The leading academic journal Nature today launched three papers simultaneously, offering new perspectives on improving the effectiveness of cancer immunotherapy. Three independent studies from the French National Institute of Health and Medical Research (INSERM), the University of Texas’ Anderson Cancer Center and Lund University in Sweden have given the immune system a key role in the B-cells, standing in the spotlight against tumors.
Today’s nature review of the three studies (Image Source: Resources)
When it comes to immunotherapy, many readers may not be unfamiliar. This innovative cancer treatment, which mobilizes the patient’s own immune system to fight tumours, has miraculously escaped death for many cancer patients who were previously drug-free.
Unfortunately, however, immunotherapy is not a panacea. Only about 20 per cent of current immunotherapy patients have long-term clinical benefits. Why do some patients have better results? If you can figure out how this works, it could help develop new therapies that benefit more patients.
Existing immunotherapy mainly focuses on killer T-cells in the immune system, improving their ability to identify and attack cancer cells. The three papers also point out that T-cells are not the only immune cells capable of fighting cancer.
B cells produce immune effects mainly through the secretion of antibodies (Photo: 123RF)
In patients with multiple different types of cancer, the three studies observed that patients received better immunotherapy when B cells formed a cell cluster within the tumor called tertiary lymphatic structures (orrony lymphoid structures, TLS).
“You can think of the function of the tertiary lymphatic structure as a ‘school’ for immune cells, helping them to educate them and effectively learn how to identify and attack cancer cells. Wolf Fridman, a leading Professor of Immunology in France and the head of one of the studies, explains vividly.
Professor Fridman’s team analyzed the gene expression spectrum of more than 600 soft tissue sarcoma, dividing the sample into subgroups based on the characteristics of immune cells. They found that B-cells were the strongest prognostic factor, and that the immune subgroup, rich in B cells, had the highest survival rates after being treated with anti-PD1 monoantigens during clinical trials.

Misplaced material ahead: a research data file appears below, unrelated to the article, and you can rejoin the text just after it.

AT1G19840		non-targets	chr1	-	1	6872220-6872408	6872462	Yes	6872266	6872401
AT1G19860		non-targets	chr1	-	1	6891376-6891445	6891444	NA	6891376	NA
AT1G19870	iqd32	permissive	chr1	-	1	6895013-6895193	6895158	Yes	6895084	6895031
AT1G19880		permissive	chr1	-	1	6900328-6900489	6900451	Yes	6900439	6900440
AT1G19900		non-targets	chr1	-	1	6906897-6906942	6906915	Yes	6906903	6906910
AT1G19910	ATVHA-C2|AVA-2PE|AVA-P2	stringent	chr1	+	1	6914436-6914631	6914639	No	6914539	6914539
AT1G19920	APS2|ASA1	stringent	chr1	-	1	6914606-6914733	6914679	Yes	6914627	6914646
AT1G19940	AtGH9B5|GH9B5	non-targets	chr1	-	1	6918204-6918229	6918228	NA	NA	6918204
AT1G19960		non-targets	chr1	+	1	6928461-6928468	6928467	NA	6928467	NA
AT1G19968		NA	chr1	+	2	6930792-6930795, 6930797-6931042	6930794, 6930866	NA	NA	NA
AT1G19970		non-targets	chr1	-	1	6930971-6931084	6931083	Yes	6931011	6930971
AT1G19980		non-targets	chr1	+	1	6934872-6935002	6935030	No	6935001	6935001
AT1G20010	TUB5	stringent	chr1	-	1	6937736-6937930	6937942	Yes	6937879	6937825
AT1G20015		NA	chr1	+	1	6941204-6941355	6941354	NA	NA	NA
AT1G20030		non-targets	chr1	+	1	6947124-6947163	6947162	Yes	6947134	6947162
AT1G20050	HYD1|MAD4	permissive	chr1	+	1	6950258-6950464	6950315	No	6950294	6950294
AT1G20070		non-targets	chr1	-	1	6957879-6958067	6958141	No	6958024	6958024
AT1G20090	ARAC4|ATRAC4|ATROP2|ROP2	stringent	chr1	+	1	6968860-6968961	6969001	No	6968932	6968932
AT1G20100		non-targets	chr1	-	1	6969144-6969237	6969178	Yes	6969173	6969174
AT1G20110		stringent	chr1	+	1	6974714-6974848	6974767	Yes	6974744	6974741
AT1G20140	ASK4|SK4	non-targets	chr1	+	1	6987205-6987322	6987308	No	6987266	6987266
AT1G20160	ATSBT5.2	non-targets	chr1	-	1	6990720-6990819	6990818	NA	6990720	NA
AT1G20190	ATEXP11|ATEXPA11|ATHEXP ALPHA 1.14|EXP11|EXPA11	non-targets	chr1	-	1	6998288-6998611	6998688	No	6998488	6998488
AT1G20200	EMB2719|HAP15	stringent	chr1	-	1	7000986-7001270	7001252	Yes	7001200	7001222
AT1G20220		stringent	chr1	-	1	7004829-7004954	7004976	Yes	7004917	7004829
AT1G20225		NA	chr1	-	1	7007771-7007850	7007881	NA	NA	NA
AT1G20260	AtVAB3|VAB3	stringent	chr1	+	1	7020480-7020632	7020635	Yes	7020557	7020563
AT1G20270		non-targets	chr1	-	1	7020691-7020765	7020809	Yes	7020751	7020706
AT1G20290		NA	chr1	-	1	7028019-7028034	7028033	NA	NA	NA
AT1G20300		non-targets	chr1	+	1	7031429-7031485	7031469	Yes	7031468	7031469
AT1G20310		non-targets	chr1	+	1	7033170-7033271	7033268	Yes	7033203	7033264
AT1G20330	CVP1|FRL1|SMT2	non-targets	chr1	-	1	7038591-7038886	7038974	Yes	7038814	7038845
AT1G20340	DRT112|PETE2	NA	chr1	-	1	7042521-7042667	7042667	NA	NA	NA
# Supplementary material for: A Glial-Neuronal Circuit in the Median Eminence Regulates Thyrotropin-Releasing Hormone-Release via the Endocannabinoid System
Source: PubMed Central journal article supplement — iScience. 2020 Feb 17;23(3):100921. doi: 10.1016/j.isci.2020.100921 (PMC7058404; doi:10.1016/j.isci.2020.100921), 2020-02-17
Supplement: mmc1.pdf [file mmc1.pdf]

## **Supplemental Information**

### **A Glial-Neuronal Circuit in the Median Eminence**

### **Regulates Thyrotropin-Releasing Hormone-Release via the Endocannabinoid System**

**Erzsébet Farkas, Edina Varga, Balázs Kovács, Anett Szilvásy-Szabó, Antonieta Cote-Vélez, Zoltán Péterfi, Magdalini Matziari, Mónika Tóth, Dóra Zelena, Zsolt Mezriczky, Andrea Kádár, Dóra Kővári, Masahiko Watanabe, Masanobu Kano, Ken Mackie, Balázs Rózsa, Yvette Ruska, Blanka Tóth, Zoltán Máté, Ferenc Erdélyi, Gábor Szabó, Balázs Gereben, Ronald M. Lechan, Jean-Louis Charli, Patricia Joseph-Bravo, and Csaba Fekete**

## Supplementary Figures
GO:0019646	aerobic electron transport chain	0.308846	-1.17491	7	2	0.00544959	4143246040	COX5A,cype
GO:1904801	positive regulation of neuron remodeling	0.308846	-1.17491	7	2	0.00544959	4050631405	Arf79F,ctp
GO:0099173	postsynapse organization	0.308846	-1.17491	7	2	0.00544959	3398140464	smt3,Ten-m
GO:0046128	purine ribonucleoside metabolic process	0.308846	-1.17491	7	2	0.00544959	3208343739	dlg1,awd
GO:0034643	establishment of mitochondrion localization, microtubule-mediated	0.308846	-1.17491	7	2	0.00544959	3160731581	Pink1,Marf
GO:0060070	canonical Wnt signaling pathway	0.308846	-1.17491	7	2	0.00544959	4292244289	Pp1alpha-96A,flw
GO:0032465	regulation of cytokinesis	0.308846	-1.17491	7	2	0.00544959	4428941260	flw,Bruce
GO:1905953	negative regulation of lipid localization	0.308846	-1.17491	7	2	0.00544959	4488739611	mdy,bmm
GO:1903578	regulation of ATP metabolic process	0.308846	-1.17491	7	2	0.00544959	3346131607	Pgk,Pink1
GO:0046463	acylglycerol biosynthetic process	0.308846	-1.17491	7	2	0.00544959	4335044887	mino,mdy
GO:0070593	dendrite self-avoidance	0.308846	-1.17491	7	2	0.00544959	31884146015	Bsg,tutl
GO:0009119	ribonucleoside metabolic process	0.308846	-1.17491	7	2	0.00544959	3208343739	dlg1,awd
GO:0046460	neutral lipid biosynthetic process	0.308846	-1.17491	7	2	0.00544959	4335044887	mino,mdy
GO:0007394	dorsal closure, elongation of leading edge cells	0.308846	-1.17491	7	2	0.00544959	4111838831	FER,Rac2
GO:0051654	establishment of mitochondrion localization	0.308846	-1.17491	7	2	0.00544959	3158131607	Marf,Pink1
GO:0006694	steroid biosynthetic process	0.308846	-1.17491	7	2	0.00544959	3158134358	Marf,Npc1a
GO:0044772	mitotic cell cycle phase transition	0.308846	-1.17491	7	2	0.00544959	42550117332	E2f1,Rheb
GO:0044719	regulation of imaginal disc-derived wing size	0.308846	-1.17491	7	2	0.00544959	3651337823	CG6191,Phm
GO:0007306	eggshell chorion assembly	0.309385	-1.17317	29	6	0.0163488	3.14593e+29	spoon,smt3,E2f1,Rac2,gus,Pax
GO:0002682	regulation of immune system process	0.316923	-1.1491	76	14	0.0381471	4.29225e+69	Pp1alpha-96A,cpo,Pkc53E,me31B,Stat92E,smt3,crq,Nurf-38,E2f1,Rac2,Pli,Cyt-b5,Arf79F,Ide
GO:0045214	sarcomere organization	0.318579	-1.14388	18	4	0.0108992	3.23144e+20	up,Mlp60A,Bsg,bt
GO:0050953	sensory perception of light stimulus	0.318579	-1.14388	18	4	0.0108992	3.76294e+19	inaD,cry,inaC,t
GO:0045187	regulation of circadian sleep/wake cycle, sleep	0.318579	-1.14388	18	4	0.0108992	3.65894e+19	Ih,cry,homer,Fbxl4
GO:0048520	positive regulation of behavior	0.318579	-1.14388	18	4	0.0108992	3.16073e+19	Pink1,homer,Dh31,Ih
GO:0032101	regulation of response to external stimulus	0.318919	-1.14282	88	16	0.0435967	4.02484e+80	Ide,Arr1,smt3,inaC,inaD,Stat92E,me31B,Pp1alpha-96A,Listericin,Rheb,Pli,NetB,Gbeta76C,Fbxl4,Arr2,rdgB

The second study studied the effects of B-cells in clinical samples of metastatic melanoma, and found that CD8-positive T-cells and CD20-positive B cells appeared simultaneously, predicting higher survival rates in patients. Analysis of molecular phenotypes showed that tertiary lymphatic structures played a key role in the immune microenvironment of melanoma, giving T-cells different phenotypes.
The third study began with a comparison of tumors that were effective and ineffective against immunotherapy in melanoma patients. The results of large-scale RNA sequencing show that B-cell markers are the most obvious gene in two types of tumors that express differences. The team then tested kidney cell cancer patients and melanoma patients treated with immunocheckpoint inhibitors in both groups.
“We found that B cells are not idle bystanders, but also make a meaningful contribution to the immune response to tumors. “The study’s lead author, Dr. Beth Helmink of the University of Texas Anderson Cancer Center, said.
B cells are a class of immune cells that produce antibodies. While it’s not clear exactly how B cells in the tertiary lymphatic structure work, scientists speculate that B cells on the front line of anti-tumor may produce antibodies to fight cancer cells effectively, or they may work by supporting T-cells.
B cells in the microenvironment of the tumor can also play a role in fighting the tumor (Photo: Supplied)
Nature magazine highly rated the discovery, specifically published an exclusive review. In his review, immunologist Professor Tullia Bruno noted that the paper “has insight and uses statistically reliable clinical data to bring B-cells and tertiary lymphocytes to the forefront of anti-tumor immunity”. These results also point to new directions for follow-up studies, combining T-cell-mediated immunotherapy with the use of B-cells, which promises to have effective anti-cancer effects in more patients.